Virtual Sub-Internships: Successes and Lessons Learned from Three Institutional Experiences
Meera Reghunathan, MD1, Paige K. Dekker, BA2, Kevin G. Kim, BS2, Kenneth L. Fan, MD2, David A. Brown, MD, PhD3, Amanda Gosman, MD1, Samuel Lance, MD1
1Department of Surgery, Division of Plastic Surgery, University of California San Diego, San Diego, CA, 2Department of Plastic and Reconstructive Surgery, MedStar Georgetown University Hospital, Washington, DC, 3Department of Surgery, Division of Plastic Surgery, Duke University Medical Center, Durham, NC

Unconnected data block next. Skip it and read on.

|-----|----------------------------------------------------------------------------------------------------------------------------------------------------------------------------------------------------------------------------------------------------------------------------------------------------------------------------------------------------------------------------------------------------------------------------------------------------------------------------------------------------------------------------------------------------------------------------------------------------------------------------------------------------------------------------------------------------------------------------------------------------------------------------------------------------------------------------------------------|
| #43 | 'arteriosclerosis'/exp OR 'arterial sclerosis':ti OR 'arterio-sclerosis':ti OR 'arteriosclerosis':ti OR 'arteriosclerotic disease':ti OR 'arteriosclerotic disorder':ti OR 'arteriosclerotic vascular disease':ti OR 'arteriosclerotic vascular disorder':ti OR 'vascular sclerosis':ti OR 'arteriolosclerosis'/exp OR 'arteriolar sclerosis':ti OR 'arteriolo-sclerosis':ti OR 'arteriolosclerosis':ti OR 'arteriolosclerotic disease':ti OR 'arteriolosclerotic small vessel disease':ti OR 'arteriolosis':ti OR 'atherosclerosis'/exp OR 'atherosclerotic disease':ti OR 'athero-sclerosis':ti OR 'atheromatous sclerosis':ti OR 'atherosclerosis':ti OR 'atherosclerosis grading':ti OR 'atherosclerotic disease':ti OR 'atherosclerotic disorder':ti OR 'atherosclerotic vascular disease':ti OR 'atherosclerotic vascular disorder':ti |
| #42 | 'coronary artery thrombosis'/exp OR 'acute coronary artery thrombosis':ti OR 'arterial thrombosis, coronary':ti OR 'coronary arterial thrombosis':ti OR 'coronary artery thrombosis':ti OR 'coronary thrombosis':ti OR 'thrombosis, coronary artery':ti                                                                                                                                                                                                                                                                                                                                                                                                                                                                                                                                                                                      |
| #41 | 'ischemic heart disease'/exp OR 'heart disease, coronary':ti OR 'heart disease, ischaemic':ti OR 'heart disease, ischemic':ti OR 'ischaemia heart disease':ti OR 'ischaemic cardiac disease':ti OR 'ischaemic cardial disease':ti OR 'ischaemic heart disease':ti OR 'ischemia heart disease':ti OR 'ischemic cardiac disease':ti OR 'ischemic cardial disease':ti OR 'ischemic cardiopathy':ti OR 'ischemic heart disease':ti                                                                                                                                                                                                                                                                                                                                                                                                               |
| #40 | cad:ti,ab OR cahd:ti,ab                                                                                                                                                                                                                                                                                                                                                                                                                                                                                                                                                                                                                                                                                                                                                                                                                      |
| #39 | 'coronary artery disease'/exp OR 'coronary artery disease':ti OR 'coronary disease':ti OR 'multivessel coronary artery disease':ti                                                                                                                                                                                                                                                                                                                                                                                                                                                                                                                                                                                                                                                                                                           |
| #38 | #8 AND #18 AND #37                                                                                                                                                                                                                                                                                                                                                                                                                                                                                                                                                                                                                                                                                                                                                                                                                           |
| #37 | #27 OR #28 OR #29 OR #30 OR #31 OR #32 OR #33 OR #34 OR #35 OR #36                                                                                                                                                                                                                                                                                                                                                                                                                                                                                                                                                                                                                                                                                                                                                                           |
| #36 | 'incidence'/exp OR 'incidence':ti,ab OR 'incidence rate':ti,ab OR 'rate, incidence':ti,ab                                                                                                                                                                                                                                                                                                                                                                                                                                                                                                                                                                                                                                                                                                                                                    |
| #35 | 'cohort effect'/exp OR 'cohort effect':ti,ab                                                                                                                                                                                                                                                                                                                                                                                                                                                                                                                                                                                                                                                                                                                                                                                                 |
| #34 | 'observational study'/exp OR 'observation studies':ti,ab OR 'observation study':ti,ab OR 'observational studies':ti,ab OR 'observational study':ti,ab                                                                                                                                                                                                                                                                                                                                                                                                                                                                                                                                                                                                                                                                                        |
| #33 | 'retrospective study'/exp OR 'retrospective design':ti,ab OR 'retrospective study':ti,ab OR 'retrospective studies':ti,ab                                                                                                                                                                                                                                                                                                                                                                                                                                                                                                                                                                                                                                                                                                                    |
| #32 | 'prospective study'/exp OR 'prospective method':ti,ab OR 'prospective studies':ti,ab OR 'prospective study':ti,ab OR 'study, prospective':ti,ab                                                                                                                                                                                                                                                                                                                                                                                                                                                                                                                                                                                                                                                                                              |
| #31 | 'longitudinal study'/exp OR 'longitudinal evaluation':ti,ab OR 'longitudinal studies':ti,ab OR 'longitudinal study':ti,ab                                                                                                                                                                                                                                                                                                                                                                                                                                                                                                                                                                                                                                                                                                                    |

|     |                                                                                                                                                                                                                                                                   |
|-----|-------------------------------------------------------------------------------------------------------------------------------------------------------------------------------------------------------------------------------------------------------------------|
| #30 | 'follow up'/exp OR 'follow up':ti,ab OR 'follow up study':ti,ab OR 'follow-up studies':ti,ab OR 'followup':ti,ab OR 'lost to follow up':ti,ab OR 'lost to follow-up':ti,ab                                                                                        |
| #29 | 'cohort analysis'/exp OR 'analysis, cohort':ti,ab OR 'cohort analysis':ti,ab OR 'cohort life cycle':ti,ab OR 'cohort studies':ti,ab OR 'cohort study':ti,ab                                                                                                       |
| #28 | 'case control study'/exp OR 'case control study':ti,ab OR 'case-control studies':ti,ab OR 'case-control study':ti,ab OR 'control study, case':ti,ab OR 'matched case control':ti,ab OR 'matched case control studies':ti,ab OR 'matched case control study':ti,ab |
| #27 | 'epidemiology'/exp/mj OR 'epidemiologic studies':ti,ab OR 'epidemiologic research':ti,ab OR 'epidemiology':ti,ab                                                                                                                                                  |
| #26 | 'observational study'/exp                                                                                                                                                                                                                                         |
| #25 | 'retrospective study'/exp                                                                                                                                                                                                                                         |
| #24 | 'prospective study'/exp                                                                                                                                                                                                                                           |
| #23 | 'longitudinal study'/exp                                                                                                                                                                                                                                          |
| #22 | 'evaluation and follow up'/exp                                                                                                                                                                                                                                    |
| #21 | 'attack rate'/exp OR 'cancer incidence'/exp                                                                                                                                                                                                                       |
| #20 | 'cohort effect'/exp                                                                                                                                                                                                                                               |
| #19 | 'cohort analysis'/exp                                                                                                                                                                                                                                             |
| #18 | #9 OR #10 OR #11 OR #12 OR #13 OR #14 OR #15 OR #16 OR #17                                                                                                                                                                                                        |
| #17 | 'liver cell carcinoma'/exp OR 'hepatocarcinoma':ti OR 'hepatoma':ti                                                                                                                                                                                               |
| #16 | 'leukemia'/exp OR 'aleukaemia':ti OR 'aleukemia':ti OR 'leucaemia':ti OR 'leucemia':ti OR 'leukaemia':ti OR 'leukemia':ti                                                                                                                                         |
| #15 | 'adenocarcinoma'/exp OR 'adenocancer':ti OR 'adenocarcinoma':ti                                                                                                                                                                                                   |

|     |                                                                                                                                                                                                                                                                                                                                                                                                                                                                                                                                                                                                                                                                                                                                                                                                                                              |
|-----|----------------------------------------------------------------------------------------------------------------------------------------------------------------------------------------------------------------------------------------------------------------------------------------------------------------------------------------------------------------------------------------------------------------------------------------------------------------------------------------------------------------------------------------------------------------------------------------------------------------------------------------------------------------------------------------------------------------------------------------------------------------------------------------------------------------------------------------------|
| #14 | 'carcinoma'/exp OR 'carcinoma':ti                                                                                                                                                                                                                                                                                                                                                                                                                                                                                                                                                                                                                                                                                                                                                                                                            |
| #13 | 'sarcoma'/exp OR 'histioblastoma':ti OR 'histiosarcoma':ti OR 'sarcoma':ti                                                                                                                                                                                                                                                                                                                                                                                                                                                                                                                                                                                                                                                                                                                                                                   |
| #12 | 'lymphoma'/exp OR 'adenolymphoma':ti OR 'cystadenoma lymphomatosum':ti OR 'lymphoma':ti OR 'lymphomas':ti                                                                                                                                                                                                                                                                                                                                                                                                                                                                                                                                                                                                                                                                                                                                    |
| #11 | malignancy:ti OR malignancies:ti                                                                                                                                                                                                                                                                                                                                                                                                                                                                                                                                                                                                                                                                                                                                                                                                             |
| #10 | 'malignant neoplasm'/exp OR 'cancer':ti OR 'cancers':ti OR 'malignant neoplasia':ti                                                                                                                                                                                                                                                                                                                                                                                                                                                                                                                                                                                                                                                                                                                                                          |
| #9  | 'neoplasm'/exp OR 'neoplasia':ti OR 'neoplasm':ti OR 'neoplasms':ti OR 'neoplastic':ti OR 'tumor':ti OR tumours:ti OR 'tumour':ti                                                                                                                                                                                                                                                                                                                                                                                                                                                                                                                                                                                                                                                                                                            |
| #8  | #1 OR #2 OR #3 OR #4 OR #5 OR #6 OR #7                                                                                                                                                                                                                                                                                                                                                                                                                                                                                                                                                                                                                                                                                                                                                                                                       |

Background: Due to the recent COVID-19 pandemic, the Association of American Medical Colleges and the American Council of Academic Plastic Surgery officially recommended halting all in-person student rotations and interviews for 2020. To offer an alternative for education and recruitment of prospective plastic surgery applicants, many institutions created virtual sub-internships. The purpose of this study is to analyze student goals for virtual sub-internships and assess how three institutions were able to meet these goals, identify areas of success, and give insight for improvement moving forward. Methods: Students participated in virtual sub-internships of 2 to 4 weeks duration at three institutions. Virtual sub-internships at each institution were independently developed and had both unique and shared components as outlined in Table 1. All students were administered the same pre sub-internship and post sub-internship survey via Qualtrics. Objectives were considered “met” if they ranked 4 or 5 on a Likert scale 1 (objective not met) to 5 (objective very well met). Responses were analyzed via Fisher’s exact test and t-testing. Result:s Fifty-two students completed both surveys (78% response rate). Sub-internships were most commonly advertised via Instagram, email, and word of mouth. The primary objectives of students pre rotation (Table 1) were to 1) interact with residents (94.2%), 2) evaluate their fit with the program (94.2%), 3) gain faculty mentorship (88.5%), and 4) improve didactic knowledge (82.7%). More than 73% of students endorsed having all primary objectives met. Sub-internships led to a significant improvement in considering the residents a strength of the program (p=0.011), and less often considering research opportunities (p=0.025) or geographic location (p=0.046) a weakness of the program. On average, students ranked programs 5% higher overall post sub-internship (p=0.024). While the majority of students perceived the virtual sub-internship as slightly less valuable (71.2%) than in-person sub-internships, all students reported that they would participate in a virtual sub-internship again. Conclusion: Student objectives can effectively be met using the virtual format for sub-internships while incurring less expenses and complying with pandemic restrictions. The virtual format is also effective in increasing the overall perception of a program and its residents. While students still prefer in-person sub-internships, increased exposure to research and mentorship opportunities has the potential to further improve subsequent virtual sub-internships. We strongly encourage residency training programs to continue offering virtual learning opportunities for medical students and consider tailoring their course components to program-specific goals.
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